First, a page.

Weren't they in Complete Book of Humanoids? And Player's Options? And possibly Al-Qadim (not sure)?

People never wonder How the world goes round -Helloween
And even I make no pretense Of having more than common sense -R.W.Wood
It's not good, Eric. It's a gazebo. -Ed Whitchurch

Edited by - TBeholder on 01 Feb 2018 02:22:27
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Dalor Darden
Great Reader

USA
3593 Posts

Posted - 01 Feb 2018 :  06:19:20  Show Profile Send Dalor Darden a Private Message  Reply with Quote
quote:
Originally posted by TBeholder

Weren't they in Complete Book of Humanoids? And Player's Options? And possibly Al-Qadim (not sure)?



This particular information is 1e AD&D...in the Complete Book of Humanoids they were also detailed yes; but for 2e AD&D.

AD&D for me!
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George Krashos
Master of Realmslore

Australia
5102 Posts

Posted - 01 Feb 2018 :  07:00:02  Show Profile Send George Krashos a Private Message  Reply with Quote
I always loved the humanoid shamans/witch doctors of 1E. I thought that they were a great differentiator and posed more of a challenge to lower level parties. Always meant to do something for humanoids in the Realms ... hmm, will have to think a bit more about that.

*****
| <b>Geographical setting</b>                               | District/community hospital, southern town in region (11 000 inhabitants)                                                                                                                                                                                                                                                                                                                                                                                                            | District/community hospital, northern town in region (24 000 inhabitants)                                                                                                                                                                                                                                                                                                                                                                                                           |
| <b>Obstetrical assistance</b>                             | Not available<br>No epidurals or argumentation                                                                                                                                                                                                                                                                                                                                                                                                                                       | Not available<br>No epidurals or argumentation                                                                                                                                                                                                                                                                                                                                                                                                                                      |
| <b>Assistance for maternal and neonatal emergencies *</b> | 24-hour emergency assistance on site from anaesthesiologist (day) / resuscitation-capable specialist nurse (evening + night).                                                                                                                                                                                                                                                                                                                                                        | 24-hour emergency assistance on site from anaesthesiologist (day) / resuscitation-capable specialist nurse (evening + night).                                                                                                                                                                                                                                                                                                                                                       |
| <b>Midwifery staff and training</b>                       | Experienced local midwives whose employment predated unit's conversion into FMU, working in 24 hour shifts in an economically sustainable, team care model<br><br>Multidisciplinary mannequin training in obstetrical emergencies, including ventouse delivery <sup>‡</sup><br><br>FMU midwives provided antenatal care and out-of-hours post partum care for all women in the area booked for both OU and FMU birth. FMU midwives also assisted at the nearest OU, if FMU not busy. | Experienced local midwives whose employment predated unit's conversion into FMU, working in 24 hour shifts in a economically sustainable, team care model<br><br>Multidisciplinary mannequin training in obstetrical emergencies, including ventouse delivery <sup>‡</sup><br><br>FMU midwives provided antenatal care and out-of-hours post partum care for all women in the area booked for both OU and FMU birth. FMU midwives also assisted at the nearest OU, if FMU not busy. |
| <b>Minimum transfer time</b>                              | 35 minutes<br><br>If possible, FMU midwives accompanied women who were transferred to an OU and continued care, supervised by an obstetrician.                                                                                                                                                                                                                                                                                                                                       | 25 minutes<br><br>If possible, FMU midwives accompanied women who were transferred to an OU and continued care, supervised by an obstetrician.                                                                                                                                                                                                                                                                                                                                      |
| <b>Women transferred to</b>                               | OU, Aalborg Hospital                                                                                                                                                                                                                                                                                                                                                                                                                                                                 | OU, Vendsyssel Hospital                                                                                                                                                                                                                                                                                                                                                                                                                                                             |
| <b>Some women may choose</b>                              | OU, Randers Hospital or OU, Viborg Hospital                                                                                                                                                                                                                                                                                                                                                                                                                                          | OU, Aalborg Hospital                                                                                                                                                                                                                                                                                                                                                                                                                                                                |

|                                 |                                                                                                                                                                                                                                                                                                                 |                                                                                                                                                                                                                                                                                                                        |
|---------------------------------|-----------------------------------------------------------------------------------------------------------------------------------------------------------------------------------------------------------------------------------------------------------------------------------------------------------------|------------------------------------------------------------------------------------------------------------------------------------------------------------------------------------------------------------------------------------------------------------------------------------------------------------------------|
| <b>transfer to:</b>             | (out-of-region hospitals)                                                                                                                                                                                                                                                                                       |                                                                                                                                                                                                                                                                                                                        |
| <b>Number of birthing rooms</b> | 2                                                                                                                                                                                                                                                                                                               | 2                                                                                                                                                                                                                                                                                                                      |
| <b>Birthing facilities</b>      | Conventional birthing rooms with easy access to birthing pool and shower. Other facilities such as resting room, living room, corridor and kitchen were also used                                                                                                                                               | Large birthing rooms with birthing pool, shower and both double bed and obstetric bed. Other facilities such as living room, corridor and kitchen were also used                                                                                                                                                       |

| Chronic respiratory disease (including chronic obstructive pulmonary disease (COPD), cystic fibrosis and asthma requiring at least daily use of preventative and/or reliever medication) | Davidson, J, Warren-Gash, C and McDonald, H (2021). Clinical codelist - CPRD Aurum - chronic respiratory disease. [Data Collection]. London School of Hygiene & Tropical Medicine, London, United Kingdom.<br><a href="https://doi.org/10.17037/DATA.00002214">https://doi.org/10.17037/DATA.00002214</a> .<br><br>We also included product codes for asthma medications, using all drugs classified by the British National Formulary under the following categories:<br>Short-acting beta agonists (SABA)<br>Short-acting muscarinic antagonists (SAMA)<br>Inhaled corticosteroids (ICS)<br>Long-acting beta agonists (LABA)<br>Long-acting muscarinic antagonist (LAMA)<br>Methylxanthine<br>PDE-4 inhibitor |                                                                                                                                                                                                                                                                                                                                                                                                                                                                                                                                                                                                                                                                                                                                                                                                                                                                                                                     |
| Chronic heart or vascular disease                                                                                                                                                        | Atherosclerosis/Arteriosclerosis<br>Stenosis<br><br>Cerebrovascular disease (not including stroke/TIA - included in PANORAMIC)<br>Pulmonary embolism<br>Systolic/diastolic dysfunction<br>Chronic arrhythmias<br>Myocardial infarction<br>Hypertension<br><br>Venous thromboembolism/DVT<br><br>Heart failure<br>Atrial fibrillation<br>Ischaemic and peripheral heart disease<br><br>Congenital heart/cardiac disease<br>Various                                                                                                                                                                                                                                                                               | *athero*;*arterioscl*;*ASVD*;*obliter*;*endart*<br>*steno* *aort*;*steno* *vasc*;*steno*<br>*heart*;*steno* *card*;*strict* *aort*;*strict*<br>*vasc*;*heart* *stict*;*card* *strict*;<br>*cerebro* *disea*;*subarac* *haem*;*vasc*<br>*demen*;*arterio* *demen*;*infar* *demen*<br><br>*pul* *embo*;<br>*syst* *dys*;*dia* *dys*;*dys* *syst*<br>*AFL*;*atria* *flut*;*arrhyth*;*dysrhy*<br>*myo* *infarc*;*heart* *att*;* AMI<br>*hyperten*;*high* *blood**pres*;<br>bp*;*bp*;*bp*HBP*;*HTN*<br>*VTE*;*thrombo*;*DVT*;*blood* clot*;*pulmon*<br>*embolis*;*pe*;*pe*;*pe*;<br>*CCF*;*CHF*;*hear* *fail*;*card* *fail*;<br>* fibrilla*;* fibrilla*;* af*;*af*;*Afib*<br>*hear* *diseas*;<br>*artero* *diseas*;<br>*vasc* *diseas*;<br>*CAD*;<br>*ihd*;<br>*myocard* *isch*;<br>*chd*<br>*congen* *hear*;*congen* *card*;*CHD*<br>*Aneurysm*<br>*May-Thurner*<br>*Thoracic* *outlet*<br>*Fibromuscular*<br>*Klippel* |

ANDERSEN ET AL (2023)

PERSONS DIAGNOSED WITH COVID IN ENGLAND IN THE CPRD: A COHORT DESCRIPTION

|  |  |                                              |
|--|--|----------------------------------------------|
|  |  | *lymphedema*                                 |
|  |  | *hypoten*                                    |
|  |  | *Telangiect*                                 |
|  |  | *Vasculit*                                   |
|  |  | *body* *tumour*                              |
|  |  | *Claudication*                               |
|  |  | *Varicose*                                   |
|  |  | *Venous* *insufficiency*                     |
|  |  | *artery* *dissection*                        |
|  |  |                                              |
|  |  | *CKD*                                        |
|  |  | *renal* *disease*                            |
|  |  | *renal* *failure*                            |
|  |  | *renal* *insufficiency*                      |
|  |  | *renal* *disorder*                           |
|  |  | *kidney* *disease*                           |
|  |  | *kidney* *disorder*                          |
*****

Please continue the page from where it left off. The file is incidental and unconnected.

-- George Krashos

"Because only we, contrary to the barbarians, never count the enemy in battle." -- Aeschylus
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Markustay
Realms Explorer extraordinaire

USA
15675 Posts

Posted - 01 Feb 2018 :  08:51:10  Show Profile Send Markustay a Private Message  Reply with Quote
Yeah, I played around with that myself awhile back.

I was using inspiration from the old Chivalry & Sorcery rules, to create something like a 'Primitive Talent' (what those rules called it). Basically, my idea was something built along the line of a Shi-ar, where they send a familiar to 'fetch' spells for them. Now, the flavor for all the different types of casters - Shaman, witchdoctors, 'medicine men', Obeah-woman ('wise woman'), hedgemage, Witches & warlocks (which 3e did something weird with and 4e ran with it), etc, etc.... would come from the types of familiars, and their inherent powers. For example, a witchdoctor might have a malicious little imp. A medicine man (or medium) might have a 'spirit guide' which could be the ghost of a dead person, or something else. A shaman might have something similar, but his/her 'Spirit guide' would have a beast form (so you couldn't talk to it, it would be more like empathy). A witch would have a cat... or a goat... or just about any normal looking animal, really.